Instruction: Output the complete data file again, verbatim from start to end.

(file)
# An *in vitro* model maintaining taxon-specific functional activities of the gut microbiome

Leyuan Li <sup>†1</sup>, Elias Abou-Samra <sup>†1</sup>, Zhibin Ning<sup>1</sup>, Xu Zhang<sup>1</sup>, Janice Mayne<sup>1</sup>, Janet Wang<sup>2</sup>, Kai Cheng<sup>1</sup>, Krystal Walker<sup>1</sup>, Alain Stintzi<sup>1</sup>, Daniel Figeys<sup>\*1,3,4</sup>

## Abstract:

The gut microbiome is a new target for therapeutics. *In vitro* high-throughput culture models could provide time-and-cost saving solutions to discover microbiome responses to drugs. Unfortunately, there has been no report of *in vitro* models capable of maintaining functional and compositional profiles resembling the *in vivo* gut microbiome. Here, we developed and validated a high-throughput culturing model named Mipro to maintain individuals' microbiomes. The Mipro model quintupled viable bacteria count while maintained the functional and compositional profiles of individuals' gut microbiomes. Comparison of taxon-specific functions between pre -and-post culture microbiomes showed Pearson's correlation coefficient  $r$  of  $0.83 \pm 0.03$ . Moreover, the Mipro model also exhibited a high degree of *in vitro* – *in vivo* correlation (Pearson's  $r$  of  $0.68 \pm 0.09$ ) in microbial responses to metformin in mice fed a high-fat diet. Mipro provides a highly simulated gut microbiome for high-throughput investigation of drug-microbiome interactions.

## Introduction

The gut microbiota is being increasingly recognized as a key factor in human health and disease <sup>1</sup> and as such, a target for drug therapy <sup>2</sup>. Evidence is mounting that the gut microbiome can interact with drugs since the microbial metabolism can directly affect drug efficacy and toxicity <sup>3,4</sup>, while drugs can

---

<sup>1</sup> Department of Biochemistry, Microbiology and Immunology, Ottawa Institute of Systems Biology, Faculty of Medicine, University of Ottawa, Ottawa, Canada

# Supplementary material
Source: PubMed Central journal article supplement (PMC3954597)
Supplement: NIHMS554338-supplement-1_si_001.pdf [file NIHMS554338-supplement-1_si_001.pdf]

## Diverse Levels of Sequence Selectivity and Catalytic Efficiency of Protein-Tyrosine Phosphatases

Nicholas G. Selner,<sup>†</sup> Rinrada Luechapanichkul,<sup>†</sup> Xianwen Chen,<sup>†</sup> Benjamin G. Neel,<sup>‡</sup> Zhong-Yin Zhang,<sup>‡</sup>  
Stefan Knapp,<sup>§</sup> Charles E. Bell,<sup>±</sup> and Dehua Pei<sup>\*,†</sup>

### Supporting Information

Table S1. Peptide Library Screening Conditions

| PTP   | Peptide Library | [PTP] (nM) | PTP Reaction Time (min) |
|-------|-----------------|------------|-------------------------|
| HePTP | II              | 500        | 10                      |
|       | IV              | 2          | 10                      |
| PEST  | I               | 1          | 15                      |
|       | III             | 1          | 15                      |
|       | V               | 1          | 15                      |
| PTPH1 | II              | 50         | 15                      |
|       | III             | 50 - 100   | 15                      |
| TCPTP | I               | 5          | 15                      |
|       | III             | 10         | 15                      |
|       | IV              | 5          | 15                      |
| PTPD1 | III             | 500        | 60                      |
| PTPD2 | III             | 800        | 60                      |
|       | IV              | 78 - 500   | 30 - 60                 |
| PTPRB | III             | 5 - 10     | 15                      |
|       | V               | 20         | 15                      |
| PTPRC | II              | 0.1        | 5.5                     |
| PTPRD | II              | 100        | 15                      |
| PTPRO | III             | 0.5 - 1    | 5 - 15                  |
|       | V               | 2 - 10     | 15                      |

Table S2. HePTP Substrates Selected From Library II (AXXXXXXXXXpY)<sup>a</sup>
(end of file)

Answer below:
# An *in vitro* model maintaining taxon-specific functional activities of the gut microbiome

Leyuan Li <sup>†1</sup>, Elias Abou-Samra <sup>†1</sup>, Zhibin Ning<sup>1</sup>, Xu Zhang<sup>1</sup>, Janice Mayne<sup>1</sup>, Janet Wang<sup>2</sup>, Kai Cheng<sup>1</sup>, Krystal Walker<sup>1</sup>, Alain Stintzi<sup>1</sup>, Daniel Figeys<sup>\*1,3,4</sup>

## Abstract:

The gut microbiome is a new target for therapeutics. *In vitro* high-throughput culture models could provide time-and-cost saving solutions to discover microbiome responses to drugs. Unfortunately, there has been no report of *in vitro* models capable of maintaining functional and compositional profiles resembling the *in vivo* gut microbiome. Here, we developed and validated a high-throughput culturing model named Mipro to maintain individuals' microbiomes. The Mipro model quintupled viable bacteria count while maintained the functional and compositional profiles of individuals' gut microbiomes. Comparison of taxon-specific functions between pre -and-post culture microbiomes showed Pearson's correlation coefficient  $r$  of  $0.83 \pm 0.03$ . Moreover, the Mipro model also exhibited a high degree of *in vitro* – *in vivo* correlation (Pearson's  $r$  of  $0.68 \pm 0.09$ ) in microbial responses to metformin in mice fed a high-fat diet. Mipro provides a highly simulated gut microbiome for high-throughput investigation of drug-microbiome interactions.

## Introduction

The gut microbiota is being increasingly recognized as a key factor in human health and disease <sup>1</sup> and as such, a target for drug therapy <sup>2</sup>. Evidence is mounting that the gut microbiome can interact with drugs since the microbial metabolism can directly affect drug efficacy and toxicity <sup>3,4</sup>, while drugs can

---

<sup>1</sup> Department of Biochemistry, Microbiology and Immunology, Ottawa Institute of Systems Biology, Faculty of Medicine, University of Ottawa, Ottawa, Canada

# Supplementary material
Source: PubMed Central journal article supplement (PMC3954597)
Supplement: NIHMS554338-supplement-1_si_001.pdf [file NIHMS554338-supplement-1_si_001.pdf]

## Diverse Levels of Sequence Selectivity and Catalytic Efficiency of Protein-Tyrosine Phosphatases

Nicholas G. Selner,<sup>†</sup> Rinrada Luechapanichkul,<sup>†</sup> Xianwen Chen,<sup>†</sup> Benjamin G. Neel,<sup>‡</sup> Zhong-Yin Zhang,<sup>‡</sup>  
Stefan Knapp,<sup>§</sup> Charles E. Bell,<sup>±</sup> and Dehua Pei<sup>\*,†</sup>

### Supporting Information

Table S1. Peptide Library Screening Conditions

| PTP   | Peptide Library | [PTP] (nM) | PTP Reaction Time (min) |
|-------|-----------------|------------|-------------------------|
| HePTP | II              | 500        | 10                      |
|       | IV              | 2          | 10                      |
| PEST  | I               | 1          | 15                      |
|       | III             | 1          | 15                      |
|       | V               | 1          | 15                      |
| PTPH1 | II              | 50         | 15                      |
|       | III             | 50 - 100   | 15                      |
| TCPTP | I               | 5          | 15                      |
|       | III             | 10         | 15                      |
|       | IV              | 5          | 15                      |
| PTPD1 | III             | 500        | 60                      |
| PTPD2 | III             | 800        | 60                      |
|       | IV              | 78 - 500   | 30 - 60                 |
| PTPRB | III             | 5 - 10     | 15                      |
|       | V               | 20         | 15                      |
| PTPRC | II              | 0.1        | 5.5                     |
| PTPRD | II              | 100        | 15                      |
| PTPRO | III             | 0.5 - 1    | 5 - 15                  |
|       | V               | 2 - 10     | 15                      |

Table S2. HePTP Substrates Selected From Library II (AXXXXXXXXXpY)<sup>a</sup>